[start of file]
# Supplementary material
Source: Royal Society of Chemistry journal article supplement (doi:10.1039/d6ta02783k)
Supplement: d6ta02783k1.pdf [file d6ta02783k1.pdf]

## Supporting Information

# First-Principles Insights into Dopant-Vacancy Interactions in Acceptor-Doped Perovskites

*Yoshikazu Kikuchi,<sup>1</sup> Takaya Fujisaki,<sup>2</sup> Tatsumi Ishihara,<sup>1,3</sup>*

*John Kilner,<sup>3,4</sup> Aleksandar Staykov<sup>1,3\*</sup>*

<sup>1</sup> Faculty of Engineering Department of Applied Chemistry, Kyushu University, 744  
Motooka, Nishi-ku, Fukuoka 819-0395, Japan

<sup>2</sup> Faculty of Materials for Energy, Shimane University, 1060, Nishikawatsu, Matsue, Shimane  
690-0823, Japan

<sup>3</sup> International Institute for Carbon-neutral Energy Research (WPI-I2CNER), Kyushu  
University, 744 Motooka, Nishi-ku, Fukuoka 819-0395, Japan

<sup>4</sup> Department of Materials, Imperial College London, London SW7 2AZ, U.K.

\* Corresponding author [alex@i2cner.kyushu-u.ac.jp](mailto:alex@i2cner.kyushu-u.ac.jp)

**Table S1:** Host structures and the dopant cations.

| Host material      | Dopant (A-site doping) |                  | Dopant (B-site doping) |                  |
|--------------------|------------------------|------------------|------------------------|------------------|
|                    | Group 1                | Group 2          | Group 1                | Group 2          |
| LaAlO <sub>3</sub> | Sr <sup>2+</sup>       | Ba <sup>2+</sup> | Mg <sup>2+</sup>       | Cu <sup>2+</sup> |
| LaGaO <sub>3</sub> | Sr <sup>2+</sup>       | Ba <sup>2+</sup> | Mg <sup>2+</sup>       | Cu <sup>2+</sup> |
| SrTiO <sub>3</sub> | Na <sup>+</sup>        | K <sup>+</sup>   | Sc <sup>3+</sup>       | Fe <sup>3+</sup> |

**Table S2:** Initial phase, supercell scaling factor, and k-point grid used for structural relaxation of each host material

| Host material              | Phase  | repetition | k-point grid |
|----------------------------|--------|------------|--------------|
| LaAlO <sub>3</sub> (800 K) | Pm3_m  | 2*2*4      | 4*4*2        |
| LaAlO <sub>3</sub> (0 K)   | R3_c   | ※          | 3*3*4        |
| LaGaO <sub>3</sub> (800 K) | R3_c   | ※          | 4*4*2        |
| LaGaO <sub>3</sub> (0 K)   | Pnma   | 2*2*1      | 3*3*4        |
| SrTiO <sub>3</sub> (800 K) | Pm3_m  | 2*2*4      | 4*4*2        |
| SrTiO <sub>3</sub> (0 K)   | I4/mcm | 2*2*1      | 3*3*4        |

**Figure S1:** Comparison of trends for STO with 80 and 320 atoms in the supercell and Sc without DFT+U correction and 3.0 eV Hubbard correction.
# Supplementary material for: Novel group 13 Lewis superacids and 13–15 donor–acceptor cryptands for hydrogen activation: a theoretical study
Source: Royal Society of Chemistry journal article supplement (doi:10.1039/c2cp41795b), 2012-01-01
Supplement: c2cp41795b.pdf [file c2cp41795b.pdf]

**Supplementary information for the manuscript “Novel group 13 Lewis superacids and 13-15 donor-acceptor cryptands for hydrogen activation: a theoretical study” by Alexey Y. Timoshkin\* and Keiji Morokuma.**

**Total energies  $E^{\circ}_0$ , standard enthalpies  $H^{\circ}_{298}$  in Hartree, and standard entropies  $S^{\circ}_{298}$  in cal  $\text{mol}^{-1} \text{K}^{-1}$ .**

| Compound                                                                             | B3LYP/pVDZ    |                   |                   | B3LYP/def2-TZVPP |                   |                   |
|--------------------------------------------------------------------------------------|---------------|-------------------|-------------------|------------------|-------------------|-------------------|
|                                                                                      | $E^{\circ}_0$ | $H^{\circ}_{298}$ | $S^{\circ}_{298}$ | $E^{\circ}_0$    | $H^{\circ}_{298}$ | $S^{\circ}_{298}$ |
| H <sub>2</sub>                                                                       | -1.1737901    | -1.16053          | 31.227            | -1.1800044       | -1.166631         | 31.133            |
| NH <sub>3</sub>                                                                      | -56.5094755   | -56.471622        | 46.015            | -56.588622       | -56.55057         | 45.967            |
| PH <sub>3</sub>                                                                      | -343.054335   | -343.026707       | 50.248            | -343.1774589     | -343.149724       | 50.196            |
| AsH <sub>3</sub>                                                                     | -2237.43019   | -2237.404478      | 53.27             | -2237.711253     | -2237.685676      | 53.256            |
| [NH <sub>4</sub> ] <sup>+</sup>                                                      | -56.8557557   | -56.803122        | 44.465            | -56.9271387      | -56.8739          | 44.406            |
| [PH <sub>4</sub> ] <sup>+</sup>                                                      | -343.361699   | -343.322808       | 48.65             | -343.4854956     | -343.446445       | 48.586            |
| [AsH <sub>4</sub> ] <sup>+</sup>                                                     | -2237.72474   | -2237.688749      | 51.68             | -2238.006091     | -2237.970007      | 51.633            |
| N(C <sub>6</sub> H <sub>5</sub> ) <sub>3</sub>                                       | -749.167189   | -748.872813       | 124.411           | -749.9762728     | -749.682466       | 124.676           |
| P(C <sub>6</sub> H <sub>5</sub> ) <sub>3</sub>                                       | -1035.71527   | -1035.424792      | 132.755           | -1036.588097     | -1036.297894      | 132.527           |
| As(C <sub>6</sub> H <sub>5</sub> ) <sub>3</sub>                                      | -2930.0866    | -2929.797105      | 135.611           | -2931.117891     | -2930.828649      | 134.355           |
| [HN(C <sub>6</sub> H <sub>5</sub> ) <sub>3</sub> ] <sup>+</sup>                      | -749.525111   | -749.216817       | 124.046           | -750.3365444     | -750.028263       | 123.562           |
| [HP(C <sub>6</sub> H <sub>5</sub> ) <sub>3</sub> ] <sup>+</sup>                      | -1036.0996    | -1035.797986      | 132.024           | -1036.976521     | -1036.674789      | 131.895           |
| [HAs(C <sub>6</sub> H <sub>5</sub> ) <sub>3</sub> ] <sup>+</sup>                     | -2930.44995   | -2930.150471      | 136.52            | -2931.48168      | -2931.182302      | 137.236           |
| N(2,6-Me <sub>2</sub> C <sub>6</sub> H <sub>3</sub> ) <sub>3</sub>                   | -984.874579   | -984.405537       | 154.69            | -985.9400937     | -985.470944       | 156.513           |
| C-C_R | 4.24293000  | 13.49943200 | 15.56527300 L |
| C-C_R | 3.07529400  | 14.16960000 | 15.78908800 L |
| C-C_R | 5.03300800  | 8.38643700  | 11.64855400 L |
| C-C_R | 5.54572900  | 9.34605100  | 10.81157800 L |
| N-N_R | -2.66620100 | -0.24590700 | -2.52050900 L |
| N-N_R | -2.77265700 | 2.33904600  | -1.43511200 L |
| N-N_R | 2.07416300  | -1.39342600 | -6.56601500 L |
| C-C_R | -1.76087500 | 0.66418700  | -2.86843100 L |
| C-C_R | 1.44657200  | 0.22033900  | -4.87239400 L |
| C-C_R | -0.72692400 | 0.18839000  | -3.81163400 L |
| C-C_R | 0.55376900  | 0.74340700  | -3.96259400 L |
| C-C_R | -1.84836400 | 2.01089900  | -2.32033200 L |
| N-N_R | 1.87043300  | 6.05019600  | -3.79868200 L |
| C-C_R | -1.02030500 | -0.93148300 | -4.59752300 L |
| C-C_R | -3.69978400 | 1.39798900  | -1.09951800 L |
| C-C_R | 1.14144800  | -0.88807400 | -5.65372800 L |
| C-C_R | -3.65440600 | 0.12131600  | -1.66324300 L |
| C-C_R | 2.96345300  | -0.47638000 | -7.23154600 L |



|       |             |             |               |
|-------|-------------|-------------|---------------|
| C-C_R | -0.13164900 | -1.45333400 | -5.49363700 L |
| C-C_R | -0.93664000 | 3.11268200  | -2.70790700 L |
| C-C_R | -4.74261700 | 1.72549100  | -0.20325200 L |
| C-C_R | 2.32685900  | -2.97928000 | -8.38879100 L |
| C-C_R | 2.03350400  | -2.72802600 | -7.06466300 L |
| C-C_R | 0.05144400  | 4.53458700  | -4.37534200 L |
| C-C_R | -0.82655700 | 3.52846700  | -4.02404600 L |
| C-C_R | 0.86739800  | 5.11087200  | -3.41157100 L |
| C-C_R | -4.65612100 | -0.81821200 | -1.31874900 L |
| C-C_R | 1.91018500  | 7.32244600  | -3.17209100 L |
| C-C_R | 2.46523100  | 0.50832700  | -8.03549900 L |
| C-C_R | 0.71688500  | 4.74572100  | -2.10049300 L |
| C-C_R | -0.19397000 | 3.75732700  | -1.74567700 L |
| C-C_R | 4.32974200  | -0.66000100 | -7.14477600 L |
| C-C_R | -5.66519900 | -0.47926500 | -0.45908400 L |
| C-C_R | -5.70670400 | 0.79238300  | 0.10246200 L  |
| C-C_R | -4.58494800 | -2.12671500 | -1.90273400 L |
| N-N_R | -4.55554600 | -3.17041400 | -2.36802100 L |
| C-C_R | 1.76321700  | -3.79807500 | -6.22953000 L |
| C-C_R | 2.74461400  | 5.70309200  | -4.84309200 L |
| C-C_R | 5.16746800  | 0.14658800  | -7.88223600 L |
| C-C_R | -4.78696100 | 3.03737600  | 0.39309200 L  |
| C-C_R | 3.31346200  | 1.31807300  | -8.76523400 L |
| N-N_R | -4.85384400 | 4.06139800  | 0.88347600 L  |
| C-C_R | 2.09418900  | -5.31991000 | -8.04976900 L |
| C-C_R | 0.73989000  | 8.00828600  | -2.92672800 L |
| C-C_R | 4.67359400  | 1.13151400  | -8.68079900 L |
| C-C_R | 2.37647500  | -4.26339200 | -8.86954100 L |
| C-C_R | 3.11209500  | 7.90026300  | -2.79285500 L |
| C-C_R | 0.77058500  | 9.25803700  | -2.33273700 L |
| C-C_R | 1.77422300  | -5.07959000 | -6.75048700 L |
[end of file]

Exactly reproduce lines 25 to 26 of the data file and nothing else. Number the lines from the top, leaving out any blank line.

|----------------------------|--------|------------|--------------|
| LaAlO <sub>3</sub> (800 K) | Pm3_m  | 2*2*4      | 4*4*2        |